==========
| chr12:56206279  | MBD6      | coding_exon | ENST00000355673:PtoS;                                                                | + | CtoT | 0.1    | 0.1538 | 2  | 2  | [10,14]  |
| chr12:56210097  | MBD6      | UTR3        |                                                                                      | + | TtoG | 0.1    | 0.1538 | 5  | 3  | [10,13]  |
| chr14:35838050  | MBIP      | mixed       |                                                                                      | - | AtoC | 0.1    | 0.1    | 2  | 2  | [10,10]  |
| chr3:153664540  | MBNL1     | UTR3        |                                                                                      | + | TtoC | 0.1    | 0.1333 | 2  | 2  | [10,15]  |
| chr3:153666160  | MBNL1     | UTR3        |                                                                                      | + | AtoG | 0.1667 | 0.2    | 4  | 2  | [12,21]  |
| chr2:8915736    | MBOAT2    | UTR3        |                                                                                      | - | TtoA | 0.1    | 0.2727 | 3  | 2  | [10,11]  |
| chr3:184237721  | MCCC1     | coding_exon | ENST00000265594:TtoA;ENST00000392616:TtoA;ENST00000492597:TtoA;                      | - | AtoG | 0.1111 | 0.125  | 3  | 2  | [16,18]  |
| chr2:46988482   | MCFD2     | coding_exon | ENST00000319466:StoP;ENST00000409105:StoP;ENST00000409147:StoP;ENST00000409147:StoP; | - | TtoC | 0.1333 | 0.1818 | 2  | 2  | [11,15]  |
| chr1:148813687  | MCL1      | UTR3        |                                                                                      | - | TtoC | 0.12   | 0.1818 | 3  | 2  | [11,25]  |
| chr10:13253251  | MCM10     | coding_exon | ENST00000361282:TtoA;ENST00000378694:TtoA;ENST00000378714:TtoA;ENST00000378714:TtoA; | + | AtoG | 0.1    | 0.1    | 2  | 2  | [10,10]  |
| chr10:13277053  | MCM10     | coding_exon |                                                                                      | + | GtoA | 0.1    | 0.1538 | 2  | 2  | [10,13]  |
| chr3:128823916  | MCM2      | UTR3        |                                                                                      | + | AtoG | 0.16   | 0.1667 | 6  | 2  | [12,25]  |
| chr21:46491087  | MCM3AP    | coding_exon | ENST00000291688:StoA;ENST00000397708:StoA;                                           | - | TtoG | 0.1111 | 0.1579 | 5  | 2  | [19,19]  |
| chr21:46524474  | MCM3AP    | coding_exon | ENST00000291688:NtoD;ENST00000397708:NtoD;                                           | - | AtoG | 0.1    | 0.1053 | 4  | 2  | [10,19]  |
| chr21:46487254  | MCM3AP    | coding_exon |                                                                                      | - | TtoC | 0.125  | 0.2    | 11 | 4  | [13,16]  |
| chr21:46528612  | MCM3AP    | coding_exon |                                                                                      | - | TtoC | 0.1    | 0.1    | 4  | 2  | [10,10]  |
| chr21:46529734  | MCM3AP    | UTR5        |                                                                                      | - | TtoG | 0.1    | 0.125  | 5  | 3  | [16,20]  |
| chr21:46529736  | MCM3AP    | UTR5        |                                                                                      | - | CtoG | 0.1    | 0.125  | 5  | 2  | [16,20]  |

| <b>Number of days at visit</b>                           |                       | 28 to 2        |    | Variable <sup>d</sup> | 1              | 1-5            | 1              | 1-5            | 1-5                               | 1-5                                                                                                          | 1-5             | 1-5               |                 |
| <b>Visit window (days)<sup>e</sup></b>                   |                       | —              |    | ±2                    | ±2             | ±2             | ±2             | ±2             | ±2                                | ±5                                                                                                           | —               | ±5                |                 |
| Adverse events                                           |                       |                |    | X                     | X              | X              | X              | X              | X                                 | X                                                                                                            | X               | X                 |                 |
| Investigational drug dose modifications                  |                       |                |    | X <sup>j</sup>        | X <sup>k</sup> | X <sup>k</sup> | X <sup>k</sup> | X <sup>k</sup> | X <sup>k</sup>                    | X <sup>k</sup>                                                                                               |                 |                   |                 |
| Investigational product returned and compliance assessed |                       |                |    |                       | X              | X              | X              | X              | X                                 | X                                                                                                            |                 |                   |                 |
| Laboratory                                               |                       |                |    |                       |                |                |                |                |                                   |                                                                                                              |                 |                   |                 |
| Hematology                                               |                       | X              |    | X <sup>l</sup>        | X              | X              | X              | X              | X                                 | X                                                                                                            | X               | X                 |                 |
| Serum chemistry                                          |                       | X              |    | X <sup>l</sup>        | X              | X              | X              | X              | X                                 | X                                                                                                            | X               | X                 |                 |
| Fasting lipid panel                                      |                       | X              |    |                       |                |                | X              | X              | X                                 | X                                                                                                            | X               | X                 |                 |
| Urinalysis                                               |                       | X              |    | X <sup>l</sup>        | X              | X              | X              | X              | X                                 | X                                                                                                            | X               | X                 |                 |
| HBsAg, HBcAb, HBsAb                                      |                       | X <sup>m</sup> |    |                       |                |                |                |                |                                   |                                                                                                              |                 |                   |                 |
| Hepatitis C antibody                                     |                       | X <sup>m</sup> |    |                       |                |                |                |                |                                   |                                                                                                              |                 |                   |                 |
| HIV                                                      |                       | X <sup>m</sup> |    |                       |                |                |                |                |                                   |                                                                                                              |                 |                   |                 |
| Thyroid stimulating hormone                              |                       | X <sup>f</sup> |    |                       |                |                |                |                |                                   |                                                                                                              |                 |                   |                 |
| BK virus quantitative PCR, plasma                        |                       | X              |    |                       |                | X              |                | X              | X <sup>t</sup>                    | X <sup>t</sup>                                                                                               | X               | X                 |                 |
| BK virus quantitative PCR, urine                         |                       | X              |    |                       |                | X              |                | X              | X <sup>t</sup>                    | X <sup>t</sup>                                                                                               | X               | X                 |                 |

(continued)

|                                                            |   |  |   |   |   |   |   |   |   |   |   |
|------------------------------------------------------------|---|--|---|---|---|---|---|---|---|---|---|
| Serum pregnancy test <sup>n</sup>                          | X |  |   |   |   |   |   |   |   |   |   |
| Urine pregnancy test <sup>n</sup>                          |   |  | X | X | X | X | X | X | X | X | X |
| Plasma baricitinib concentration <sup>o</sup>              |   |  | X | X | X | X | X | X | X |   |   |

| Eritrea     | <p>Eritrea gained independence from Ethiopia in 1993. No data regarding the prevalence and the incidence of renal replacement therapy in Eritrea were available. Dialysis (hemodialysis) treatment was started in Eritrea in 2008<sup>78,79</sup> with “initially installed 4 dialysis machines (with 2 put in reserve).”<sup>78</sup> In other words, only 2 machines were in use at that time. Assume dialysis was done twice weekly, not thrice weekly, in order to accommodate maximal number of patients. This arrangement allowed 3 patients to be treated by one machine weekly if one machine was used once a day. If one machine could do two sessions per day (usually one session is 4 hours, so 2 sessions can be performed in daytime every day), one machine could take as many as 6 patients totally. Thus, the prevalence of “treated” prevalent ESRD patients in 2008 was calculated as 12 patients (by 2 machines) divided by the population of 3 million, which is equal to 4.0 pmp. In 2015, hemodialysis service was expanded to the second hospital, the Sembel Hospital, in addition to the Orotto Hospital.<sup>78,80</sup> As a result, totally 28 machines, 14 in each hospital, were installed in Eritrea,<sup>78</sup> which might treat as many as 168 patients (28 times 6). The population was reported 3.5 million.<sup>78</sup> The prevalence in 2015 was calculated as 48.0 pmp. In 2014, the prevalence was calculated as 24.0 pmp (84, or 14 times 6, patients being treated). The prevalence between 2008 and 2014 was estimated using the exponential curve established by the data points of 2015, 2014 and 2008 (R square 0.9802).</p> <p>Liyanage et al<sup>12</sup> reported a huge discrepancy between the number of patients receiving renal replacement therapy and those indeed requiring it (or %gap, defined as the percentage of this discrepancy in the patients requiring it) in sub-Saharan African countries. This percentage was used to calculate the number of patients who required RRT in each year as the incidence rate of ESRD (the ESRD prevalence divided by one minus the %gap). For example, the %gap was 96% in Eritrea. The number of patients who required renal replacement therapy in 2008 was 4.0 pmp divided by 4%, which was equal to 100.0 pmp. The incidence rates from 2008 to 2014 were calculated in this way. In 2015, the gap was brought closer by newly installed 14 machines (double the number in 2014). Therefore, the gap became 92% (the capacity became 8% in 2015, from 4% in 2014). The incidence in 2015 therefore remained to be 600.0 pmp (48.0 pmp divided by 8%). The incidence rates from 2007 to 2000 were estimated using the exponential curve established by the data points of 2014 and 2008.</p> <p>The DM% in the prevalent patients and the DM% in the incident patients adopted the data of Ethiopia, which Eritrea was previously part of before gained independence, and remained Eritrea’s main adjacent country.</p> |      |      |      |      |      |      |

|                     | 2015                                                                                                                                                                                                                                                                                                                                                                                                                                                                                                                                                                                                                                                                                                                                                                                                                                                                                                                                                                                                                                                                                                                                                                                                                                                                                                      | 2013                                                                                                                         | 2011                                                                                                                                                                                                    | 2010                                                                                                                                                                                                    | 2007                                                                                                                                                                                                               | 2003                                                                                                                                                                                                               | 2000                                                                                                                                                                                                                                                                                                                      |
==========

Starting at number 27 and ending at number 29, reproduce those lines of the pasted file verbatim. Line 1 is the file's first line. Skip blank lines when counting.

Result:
| Fasting lipid panel                                      |                       | X              |    |                       |                |                | X              | X              | X                                 | X                                                                                                            | X               | X                 |                 |
| Urinalysis                                               |                       | X              |    | X <sup>l</sup>        | X              | X              | X              | X              | X                                 | X                                                                                                            | X               | X                 |                 |
| HBsAg, HBcAb, HBsAb                                      |                       | X <sup>m</sup> |    |                       |                |                |                |                |                                   |                                                                                                              |                 |                   |                 |